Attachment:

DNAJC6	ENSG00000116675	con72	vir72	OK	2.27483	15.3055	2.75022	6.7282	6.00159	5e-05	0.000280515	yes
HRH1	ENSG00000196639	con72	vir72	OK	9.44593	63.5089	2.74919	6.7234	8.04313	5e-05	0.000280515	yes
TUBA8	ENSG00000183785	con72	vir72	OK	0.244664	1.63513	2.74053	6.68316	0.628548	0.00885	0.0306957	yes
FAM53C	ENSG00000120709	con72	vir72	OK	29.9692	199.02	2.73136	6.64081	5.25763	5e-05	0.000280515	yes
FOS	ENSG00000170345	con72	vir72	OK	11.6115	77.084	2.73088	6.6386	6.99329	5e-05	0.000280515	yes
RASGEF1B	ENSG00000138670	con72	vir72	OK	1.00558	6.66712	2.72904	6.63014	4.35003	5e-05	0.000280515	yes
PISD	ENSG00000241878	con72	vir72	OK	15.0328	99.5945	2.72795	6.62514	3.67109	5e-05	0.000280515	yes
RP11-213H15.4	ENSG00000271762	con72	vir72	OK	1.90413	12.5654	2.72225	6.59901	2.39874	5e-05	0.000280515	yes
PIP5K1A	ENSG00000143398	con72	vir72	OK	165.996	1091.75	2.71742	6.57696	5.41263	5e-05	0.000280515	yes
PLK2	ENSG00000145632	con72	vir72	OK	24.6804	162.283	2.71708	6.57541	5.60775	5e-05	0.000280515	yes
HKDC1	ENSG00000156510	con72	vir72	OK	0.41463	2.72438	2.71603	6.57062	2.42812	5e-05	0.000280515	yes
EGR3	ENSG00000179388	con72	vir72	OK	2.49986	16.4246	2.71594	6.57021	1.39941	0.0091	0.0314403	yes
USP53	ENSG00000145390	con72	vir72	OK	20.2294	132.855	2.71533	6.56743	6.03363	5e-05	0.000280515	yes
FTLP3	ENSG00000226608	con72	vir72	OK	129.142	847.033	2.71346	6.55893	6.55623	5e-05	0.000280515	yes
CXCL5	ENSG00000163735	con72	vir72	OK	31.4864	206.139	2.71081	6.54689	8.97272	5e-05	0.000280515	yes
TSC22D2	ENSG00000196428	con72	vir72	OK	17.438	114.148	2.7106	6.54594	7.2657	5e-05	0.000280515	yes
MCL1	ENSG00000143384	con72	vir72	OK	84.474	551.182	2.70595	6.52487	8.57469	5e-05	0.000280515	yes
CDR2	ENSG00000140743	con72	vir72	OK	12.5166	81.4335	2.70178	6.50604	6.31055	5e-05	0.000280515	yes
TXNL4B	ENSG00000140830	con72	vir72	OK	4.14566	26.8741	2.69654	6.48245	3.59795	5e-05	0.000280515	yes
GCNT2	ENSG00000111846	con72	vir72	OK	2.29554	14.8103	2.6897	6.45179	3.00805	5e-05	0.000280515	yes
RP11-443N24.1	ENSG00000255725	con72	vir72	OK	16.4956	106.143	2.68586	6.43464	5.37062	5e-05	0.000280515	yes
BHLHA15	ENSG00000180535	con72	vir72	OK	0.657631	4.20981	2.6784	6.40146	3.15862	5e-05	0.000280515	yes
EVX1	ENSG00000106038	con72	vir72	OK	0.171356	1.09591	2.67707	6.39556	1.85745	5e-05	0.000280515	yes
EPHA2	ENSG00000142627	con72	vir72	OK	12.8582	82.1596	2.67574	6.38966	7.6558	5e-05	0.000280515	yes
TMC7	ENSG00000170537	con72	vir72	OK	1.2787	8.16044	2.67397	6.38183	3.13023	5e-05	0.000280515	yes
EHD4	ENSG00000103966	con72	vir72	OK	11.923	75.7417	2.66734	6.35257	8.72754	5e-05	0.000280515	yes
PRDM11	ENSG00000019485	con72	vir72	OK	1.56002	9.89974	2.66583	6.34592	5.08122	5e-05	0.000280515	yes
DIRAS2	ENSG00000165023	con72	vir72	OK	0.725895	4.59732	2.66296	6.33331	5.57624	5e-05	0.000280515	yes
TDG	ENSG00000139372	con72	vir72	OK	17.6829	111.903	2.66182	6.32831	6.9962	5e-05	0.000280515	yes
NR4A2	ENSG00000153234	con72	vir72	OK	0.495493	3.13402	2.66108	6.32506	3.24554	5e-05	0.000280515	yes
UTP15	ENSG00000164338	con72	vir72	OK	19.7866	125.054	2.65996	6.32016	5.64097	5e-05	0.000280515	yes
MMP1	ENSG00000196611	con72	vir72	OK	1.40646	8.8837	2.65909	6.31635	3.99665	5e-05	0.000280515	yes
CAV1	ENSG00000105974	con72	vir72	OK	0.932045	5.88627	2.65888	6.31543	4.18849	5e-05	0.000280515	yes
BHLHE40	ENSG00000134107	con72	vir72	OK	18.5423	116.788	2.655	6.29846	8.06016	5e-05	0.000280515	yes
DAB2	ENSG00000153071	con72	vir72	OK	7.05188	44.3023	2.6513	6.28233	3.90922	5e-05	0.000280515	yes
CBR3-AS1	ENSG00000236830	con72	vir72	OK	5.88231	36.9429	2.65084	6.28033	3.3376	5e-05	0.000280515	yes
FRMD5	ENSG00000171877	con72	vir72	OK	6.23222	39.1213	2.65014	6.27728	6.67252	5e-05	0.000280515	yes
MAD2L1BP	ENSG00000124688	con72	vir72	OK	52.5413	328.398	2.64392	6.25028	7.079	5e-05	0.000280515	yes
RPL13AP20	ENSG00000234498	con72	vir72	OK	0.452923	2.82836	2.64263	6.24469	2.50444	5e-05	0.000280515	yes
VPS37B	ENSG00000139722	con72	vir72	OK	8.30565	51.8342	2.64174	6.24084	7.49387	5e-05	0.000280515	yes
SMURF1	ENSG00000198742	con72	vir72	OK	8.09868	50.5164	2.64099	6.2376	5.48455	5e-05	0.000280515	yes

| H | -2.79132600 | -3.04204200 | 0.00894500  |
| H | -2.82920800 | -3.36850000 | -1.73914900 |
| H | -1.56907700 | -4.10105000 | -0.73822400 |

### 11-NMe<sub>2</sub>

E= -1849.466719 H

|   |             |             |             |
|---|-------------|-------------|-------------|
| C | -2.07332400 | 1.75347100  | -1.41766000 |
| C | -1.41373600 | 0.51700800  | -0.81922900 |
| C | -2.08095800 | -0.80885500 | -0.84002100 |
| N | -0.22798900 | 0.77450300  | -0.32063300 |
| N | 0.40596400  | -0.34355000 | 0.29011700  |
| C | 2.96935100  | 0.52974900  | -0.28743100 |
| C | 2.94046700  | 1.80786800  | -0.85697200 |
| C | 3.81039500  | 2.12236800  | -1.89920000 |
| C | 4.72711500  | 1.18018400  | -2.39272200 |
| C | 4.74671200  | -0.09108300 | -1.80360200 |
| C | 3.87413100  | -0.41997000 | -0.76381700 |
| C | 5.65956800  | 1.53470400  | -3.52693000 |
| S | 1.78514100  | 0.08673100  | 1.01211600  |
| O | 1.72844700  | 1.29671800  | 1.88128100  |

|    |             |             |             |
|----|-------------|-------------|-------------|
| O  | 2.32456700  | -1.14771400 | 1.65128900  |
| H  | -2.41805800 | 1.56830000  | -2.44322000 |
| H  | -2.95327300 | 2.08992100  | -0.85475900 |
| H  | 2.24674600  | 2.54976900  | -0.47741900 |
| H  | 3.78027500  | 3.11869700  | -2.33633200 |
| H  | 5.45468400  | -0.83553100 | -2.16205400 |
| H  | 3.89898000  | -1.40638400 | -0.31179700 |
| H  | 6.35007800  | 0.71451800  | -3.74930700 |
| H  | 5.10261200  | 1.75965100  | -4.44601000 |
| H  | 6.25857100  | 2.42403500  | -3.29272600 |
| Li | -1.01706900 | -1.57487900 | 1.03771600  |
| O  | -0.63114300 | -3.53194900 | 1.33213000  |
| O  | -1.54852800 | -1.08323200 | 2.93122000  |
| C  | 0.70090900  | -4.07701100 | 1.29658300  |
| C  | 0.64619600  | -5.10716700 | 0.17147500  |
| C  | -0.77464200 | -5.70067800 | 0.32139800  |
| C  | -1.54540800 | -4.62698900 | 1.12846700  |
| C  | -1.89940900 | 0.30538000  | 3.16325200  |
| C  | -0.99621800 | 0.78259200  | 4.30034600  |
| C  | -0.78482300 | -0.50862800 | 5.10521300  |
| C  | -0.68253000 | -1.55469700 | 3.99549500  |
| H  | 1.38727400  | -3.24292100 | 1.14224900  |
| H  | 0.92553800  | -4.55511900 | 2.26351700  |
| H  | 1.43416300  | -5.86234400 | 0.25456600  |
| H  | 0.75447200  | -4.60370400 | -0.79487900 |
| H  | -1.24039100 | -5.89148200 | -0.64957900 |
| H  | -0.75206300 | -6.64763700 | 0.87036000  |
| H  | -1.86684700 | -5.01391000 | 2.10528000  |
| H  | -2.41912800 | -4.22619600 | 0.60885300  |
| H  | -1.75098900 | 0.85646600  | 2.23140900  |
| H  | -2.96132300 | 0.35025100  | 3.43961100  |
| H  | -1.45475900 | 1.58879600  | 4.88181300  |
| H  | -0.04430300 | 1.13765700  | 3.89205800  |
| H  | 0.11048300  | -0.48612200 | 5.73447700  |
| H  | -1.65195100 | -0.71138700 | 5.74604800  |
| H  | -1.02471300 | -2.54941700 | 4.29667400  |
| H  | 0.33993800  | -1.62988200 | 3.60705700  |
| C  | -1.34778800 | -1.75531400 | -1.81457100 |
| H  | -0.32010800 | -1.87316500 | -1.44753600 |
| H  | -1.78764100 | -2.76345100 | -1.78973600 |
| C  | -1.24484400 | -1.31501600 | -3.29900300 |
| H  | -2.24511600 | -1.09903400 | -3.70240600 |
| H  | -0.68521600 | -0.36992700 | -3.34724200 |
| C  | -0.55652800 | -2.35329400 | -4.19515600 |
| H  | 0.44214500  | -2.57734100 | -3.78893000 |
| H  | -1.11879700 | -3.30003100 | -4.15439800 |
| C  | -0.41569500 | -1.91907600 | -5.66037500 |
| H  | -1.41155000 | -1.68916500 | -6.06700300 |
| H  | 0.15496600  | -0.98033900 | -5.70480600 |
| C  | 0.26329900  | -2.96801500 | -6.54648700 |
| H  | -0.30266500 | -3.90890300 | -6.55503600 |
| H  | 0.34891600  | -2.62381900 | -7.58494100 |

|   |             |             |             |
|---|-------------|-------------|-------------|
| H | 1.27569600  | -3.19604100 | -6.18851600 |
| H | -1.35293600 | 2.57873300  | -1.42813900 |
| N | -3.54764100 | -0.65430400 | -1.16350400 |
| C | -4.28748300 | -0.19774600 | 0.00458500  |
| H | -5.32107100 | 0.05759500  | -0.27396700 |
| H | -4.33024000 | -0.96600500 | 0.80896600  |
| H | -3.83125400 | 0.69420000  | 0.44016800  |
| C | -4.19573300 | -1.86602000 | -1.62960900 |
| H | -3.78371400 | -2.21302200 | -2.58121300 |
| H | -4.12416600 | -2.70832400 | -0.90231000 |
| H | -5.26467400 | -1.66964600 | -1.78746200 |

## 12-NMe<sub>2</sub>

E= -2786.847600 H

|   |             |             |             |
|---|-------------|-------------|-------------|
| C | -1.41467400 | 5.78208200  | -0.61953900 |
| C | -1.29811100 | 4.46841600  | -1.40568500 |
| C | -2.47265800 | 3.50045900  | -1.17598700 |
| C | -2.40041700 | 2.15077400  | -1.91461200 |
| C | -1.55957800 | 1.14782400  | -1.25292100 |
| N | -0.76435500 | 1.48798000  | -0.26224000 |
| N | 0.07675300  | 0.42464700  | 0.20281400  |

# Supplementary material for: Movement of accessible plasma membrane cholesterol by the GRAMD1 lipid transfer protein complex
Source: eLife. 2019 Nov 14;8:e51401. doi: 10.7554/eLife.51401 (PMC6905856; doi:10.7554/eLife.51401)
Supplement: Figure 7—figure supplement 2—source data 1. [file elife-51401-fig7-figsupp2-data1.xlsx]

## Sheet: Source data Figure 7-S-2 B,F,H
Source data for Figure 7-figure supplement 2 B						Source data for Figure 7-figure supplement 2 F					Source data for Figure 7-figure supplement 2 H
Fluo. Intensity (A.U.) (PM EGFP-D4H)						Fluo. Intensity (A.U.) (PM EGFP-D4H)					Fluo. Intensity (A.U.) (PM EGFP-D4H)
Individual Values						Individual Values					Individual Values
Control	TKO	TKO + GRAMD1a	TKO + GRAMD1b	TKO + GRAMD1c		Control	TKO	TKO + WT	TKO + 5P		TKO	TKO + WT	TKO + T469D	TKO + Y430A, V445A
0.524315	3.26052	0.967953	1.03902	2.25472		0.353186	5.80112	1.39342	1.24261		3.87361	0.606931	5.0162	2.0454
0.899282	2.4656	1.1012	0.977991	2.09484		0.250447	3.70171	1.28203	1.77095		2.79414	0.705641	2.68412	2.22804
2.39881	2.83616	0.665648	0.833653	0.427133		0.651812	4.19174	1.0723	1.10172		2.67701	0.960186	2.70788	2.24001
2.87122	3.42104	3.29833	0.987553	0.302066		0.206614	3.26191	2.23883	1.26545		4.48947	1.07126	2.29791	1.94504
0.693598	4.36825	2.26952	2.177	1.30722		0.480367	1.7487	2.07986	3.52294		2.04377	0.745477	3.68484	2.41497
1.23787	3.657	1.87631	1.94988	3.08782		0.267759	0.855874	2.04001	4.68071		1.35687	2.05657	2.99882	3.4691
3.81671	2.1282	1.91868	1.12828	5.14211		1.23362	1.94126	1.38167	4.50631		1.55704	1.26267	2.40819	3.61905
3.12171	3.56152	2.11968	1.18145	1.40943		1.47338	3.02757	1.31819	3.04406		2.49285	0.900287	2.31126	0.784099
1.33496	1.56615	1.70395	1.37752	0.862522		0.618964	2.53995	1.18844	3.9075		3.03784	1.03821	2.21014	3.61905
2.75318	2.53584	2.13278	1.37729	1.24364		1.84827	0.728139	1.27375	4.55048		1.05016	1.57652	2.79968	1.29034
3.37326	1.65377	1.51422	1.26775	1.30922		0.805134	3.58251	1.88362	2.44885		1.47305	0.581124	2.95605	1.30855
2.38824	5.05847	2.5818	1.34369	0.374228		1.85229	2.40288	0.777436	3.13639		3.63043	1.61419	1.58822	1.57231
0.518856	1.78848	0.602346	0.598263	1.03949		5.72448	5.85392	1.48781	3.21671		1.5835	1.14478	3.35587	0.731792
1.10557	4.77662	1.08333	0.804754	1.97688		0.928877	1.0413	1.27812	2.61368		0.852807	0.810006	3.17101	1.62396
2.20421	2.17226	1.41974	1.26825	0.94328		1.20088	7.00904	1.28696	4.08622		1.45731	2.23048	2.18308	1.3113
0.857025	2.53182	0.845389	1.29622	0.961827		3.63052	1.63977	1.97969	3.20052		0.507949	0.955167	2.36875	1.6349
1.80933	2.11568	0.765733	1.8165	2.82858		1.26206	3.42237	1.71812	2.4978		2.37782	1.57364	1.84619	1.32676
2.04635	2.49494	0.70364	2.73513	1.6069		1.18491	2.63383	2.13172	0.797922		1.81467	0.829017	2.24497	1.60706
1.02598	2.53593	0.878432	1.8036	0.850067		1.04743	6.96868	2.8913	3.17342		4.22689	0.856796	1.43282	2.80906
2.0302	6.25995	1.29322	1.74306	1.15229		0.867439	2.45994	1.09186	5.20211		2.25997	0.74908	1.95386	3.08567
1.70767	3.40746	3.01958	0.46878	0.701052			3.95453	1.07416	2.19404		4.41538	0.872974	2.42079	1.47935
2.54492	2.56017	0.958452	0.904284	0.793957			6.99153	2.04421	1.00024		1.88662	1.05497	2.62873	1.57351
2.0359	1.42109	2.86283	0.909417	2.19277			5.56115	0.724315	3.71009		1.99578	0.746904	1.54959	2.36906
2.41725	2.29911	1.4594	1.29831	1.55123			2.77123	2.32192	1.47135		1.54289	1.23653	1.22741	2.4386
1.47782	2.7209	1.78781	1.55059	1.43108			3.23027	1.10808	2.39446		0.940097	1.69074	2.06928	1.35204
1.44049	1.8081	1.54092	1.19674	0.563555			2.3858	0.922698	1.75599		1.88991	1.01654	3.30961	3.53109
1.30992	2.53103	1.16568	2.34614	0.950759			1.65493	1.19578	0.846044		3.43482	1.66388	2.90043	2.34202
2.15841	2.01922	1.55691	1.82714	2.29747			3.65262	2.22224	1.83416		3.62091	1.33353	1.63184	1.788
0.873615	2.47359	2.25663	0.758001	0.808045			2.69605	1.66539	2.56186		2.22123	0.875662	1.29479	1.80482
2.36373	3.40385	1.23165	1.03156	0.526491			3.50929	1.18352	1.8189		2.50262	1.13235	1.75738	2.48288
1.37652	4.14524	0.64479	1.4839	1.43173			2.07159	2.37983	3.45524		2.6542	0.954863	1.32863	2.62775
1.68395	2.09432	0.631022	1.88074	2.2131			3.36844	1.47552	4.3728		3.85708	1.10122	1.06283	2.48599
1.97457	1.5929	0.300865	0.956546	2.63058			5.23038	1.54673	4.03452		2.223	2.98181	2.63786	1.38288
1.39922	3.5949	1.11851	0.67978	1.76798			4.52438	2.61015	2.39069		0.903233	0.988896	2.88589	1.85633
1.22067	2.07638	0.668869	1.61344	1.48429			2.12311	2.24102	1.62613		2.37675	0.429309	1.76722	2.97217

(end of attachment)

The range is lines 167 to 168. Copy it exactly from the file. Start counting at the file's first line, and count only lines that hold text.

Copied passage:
1.02598	2.53593	0.878432	1.8036	0.850067		1.04743	6.96868	2.8913	3.17342		4.22689	0.856796	1.43282	2.80906
2.0302	6.25995	1.29322	1.74306	1.15229		0.867439	2.45994	1.09186	5.20211		2.25997	0.74908	1.95386	3.08567